By Morgan M. Hurley | Editor
SDWC to share the messages of Grammy Award-winner
For the past two years, thanks in part to the San Diego Human Dignity Foundation (SDHDF), the San Diego Women’s Chorus (SDWC) has performed on the historic Balboa Theatre stage in the spring, each time with a featured — and iconic — female lead; and this year is no exception.
On May 22, the 85-strong SDWC welcomes Grammy Award-winning singer-songwriter Janis Ian to the stage with them for their “UPRISING: Songs of Change.”
“The San Diego Women’s Chorus is all about the power of music and the power of women,” stated Heather Robert, SDWC board president, in a press release. “Our music is our activism and this concert is a tribute to the activists of the past and an appeal to the activist impulse of the present. Our hope is that, after the audience listens to these songs about women and men from history who fought for freedom, equality, and dignity, they will be moved to rise up and push back against the injustices that remain today.”
In 2014, the Indigo Girls joined SDWC on stage for their debut Balboa Theatre performance, which was titled “Songs of Protest, Songs of Peace“ and last year, American Idol alum Frenchie Davis helped the chorus belt out Broadway tunes for their “Broadway Our Way” show.
Though the women have been singing together and performing spring concerts for decades, they had never held court on the Balboa stage — like their male counterparts in the San Diego Gay Men’s Chorus — until SDHDF stepped in. SDHDF’s goal was to not only bring more visibility and awareness to the SDWC, but to also connect them with a specific cause: the SDHDF’s newly launched Lesbian Health Initiative, which benefits low-income lesbian and bisexual women who struggle with medical needs throughout San Diego County.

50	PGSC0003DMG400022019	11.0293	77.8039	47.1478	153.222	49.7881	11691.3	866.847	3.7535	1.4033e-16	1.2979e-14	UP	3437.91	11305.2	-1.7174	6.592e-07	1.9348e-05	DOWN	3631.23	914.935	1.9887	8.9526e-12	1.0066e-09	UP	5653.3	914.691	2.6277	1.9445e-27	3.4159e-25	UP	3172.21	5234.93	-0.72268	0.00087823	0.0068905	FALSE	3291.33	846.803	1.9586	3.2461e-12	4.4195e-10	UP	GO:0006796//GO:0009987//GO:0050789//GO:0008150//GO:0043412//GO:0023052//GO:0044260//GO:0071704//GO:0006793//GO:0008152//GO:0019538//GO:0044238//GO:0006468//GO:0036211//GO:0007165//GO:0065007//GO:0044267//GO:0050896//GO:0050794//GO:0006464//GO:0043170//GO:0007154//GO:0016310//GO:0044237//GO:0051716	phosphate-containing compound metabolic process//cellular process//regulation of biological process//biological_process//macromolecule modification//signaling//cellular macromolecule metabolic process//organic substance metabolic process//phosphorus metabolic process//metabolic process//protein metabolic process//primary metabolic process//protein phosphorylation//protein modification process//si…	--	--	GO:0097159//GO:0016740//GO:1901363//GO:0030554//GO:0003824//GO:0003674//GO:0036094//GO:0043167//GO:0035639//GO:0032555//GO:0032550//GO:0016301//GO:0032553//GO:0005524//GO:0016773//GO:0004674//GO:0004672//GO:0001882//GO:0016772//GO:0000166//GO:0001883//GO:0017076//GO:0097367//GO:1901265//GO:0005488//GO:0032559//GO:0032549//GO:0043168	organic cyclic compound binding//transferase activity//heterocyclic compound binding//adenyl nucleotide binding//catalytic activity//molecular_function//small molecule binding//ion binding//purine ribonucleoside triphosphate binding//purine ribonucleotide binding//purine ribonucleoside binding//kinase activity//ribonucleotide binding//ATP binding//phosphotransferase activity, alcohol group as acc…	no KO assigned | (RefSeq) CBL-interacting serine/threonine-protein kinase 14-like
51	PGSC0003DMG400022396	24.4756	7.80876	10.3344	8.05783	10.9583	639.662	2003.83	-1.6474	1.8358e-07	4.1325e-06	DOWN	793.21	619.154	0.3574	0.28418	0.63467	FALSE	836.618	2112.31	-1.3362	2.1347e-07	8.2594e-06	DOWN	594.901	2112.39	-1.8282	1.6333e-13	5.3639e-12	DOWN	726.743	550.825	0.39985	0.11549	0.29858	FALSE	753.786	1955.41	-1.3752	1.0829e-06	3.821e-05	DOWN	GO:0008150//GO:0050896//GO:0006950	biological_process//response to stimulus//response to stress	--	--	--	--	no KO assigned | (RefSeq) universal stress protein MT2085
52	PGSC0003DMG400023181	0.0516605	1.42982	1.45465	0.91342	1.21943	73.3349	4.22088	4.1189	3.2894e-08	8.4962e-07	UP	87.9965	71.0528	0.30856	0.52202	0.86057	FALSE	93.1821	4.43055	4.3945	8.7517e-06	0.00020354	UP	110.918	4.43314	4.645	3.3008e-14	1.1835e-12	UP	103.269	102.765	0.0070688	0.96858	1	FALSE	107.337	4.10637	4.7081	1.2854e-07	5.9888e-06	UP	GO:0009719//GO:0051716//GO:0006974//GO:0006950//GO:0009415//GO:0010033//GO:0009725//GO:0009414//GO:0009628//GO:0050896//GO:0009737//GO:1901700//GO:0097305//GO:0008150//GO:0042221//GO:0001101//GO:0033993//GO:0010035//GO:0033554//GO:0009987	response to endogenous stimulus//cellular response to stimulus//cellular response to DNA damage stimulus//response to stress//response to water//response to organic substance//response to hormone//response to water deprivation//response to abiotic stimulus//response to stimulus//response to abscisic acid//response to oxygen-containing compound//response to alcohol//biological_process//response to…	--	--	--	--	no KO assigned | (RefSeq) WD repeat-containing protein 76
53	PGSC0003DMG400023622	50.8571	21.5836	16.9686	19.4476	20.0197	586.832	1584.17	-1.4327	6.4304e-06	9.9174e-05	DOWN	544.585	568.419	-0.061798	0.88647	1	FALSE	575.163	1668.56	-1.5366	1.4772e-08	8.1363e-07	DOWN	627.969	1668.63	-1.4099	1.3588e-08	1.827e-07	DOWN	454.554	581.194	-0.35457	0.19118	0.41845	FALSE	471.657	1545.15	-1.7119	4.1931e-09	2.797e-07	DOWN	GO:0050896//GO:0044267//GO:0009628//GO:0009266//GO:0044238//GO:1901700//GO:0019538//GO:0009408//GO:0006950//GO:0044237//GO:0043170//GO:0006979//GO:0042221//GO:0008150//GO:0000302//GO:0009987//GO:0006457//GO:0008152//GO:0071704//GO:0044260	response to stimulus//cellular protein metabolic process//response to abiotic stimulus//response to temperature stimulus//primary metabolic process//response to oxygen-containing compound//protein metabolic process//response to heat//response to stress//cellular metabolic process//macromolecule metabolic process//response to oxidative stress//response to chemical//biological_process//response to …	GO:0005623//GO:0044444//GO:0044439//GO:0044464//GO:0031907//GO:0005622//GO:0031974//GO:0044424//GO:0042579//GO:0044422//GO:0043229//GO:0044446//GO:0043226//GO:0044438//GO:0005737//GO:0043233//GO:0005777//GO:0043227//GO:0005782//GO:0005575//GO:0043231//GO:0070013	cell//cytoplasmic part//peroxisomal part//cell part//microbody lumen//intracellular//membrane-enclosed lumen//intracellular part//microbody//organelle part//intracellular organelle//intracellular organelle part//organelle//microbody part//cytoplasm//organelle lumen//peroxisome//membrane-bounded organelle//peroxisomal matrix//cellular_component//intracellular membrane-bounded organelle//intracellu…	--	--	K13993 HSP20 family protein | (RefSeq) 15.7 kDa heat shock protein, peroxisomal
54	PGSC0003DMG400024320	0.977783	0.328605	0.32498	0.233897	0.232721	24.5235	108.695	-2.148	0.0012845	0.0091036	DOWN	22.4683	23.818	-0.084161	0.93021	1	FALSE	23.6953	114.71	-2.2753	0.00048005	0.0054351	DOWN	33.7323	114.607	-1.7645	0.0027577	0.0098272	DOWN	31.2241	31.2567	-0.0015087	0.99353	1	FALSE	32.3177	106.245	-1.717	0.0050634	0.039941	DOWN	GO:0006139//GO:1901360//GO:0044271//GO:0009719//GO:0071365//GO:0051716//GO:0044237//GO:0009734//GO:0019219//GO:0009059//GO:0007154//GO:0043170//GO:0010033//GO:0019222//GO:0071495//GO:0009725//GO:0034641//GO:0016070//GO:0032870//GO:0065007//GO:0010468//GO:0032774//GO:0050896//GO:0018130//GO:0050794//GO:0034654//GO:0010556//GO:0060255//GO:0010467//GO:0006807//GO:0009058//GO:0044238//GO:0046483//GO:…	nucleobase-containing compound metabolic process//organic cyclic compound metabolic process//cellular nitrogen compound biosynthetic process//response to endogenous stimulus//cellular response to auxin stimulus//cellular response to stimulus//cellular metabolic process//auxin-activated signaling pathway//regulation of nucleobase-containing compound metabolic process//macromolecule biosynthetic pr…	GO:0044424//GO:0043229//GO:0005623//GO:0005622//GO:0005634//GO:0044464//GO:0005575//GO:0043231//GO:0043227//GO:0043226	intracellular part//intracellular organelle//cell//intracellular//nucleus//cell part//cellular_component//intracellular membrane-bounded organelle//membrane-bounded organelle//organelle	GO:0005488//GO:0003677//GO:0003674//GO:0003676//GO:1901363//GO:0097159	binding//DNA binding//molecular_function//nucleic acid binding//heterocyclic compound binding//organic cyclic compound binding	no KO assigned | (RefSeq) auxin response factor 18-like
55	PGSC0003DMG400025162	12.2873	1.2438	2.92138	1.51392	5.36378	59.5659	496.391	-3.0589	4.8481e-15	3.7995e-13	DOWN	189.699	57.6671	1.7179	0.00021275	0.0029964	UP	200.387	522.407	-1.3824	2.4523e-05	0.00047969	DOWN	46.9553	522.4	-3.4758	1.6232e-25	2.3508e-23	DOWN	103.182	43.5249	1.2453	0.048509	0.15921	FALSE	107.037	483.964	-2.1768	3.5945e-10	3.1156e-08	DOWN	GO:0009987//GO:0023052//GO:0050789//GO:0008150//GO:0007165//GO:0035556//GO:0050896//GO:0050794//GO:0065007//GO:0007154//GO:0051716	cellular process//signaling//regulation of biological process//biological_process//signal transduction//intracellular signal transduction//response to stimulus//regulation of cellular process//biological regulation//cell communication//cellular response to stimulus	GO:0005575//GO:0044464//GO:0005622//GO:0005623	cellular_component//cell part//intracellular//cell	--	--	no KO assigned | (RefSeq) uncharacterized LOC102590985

Ian said she was not planning to do much work right now while she “readjusts” her life and decides what he wants to do or “learn,” next. In fact, she said the only performance scheduled over a two-year time was one at the Lincoln Center; but when the women came calling she couldn’t say no, for a number of reasons.
“They were extremely persuasive,” she said. “And obviously the Human Dignity Foundation does wonderful work and the whole healthcare issue for anybody right now is so huge in this country. Plus, the chance to work with a large and well respected choir was definitely the icing on the cake. I was pleased to be asked.”
Ian — who is probably best known to the masses for her “At Seventeen,” for which she won “Best Female Vocalist” Grammy in 1976 — said she’s asked to do a lot of “women” events but she often must decline because in the end they are too exclusionary. Once she learned SDWC’s inclusive stance, she was fully onboard.
“As much as I understand the need for a safe space, it’s hard for me to reconcile that with the kind of music I do,” she said. “With this, it seemed a perfect opportunity to have the fun of working with a choir — and a good [artistic] director, too, Kathleen Hansen — raise some money for something good, get a trip to San Diego, maybe get some decent seafood, and just have a good time, really.